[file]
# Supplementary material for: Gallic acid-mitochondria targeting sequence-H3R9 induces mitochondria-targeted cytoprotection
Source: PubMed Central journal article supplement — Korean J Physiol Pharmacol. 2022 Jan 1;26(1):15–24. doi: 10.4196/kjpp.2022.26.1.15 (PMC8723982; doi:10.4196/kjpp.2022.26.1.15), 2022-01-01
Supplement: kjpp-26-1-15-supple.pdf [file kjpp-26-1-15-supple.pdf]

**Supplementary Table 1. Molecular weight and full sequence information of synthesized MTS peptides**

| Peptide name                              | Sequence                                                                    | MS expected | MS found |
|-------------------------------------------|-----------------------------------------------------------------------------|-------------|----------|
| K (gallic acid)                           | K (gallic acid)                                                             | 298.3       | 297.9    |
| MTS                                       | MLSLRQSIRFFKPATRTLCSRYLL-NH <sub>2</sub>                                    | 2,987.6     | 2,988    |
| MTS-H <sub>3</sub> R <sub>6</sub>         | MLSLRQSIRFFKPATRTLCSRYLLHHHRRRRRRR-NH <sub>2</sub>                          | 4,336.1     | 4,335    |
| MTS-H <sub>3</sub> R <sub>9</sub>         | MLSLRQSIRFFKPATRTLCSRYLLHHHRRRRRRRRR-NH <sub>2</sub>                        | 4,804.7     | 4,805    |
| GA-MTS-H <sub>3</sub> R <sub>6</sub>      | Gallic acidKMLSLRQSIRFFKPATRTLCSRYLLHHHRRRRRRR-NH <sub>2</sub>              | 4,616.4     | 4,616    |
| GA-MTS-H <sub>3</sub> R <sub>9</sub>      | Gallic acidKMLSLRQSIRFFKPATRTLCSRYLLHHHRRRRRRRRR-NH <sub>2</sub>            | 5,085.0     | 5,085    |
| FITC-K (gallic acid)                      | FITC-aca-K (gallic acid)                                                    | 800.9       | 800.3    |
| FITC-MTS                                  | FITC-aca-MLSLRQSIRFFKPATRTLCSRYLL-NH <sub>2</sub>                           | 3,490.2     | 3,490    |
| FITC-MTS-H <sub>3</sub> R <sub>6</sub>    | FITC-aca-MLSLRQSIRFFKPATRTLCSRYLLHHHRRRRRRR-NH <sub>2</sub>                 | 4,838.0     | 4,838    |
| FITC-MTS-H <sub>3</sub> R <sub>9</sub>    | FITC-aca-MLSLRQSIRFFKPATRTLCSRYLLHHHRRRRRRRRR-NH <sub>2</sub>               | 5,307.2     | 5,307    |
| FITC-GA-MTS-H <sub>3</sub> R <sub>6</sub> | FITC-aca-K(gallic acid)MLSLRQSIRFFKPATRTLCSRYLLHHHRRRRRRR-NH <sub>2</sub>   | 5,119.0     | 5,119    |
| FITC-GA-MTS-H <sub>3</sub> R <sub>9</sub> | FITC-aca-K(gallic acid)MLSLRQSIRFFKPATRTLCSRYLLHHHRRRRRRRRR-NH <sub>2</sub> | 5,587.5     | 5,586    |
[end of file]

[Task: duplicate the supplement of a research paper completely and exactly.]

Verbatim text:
# Supplementary material for: Gallic acid-mitochondria targeting sequence-H3R9 induces mitochondria-targeted cytoprotection
Source: PubMed Central journal article supplement — Korean J Physiol Pharmacol. 2022 Jan 1;26(1):15–24. doi: 10.4196/kjpp.2022.26.1.15 (PMC8723982; doi:10.4196/kjpp.2022.26.1.15), 2022-01-01
Supplement: kjpp-26-1-15-supple.pdf [file kjpp-26-1-15-supple.pdf]

**Supplementary Table 1. Molecular weight and full sequence information of synthesized MTS peptides**

| Peptide name                              | Sequence                                                                    | MS expected | MS found |
|-------------------------------------------|-----------------------------------------------------------------------------|-------------|----------|
| K (gallic acid)                           | K (gallic acid)                                                             | 298.3       | 297.9    |
| MTS                                       | MLSLRQSIRFFKPATRTLCSRYLL-NH <sub>2</sub>                                    | 2,987.6     | 2,988    |
| MTS-H <sub>3</sub> R <sub>6</sub>         | MLSLRQSIRFFKPATRTLCSRYLLHHHRRRRRRR-NH <sub>2</sub>                          | 4,336.1     | 4,335    |
| MTS-H <sub>3</sub> R <sub>9</sub>         | MLSLRQSIRFFKPATRTLCSRYLLHHHRRRRRRRRR-NH <sub>2</sub>                        | 4,804.7     | 4,805    |
| GA-MTS-H <sub>3</sub> R <sub>6</sub>      | Gallic acidKMLSLRQSIRFFKPATRTLCSRYLLHHHRRRRRRR-NH <sub>2</sub>              | 4,616.4     | 4,616    |
| GA-MTS-H <sub>3</sub> R <sub>9</sub>      | Gallic acidKMLSLRQSIRFFKPATRTLCSRYLLHHHRRRRRRRRR-NH <sub>2</sub>            | 5,085.0     | 5,085    |
| FITC-K (gallic acid)                      | FITC-aca-K (gallic acid)                                                    | 800.9       | 800.3    |
| FITC-MTS                                  | FITC-aca-MLSLRQSIRFFKPATRTLCSRYLL-NH <sub>2</sub>                           | 3,490.2     | 3,490    |
| FITC-MTS-H <sub>3</sub> R <sub>6</sub>    | FITC-aca-MLSLRQSIRFFKPATRTLCSRYLLHHHRRRRRRR-NH <sub>2</sub>                 | 4,838.0     | 4,838    |
| FITC-MTS-H <sub>3</sub> R <sub>9</sub>    | FITC-aca-MLSLRQSIRFFKPATRTLCSRYLLHHHRRRRRRRRR-NH <sub>2</sub>               | 5,307.2     | 5,307    |
| FITC-GA-MTS-H <sub>3</sub> R <sub>6</sub> | FITC-aca-K(gallic acid)MLSLRQSIRFFKPATRTLCSRYLLHHHRRRRRRR-NH <sub>2</sub>   | 5,119.0     | 5,119    |
| FITC-GA-MTS-H <sub>3</sub> R <sub>9</sub> | FITC-aca-K(gallic acid)MLSLRQSIRFFKPATRTLCSRYLLHHHRRRRRRRRR-NH <sub>2</sub> | 5,587.5     | 5,586    |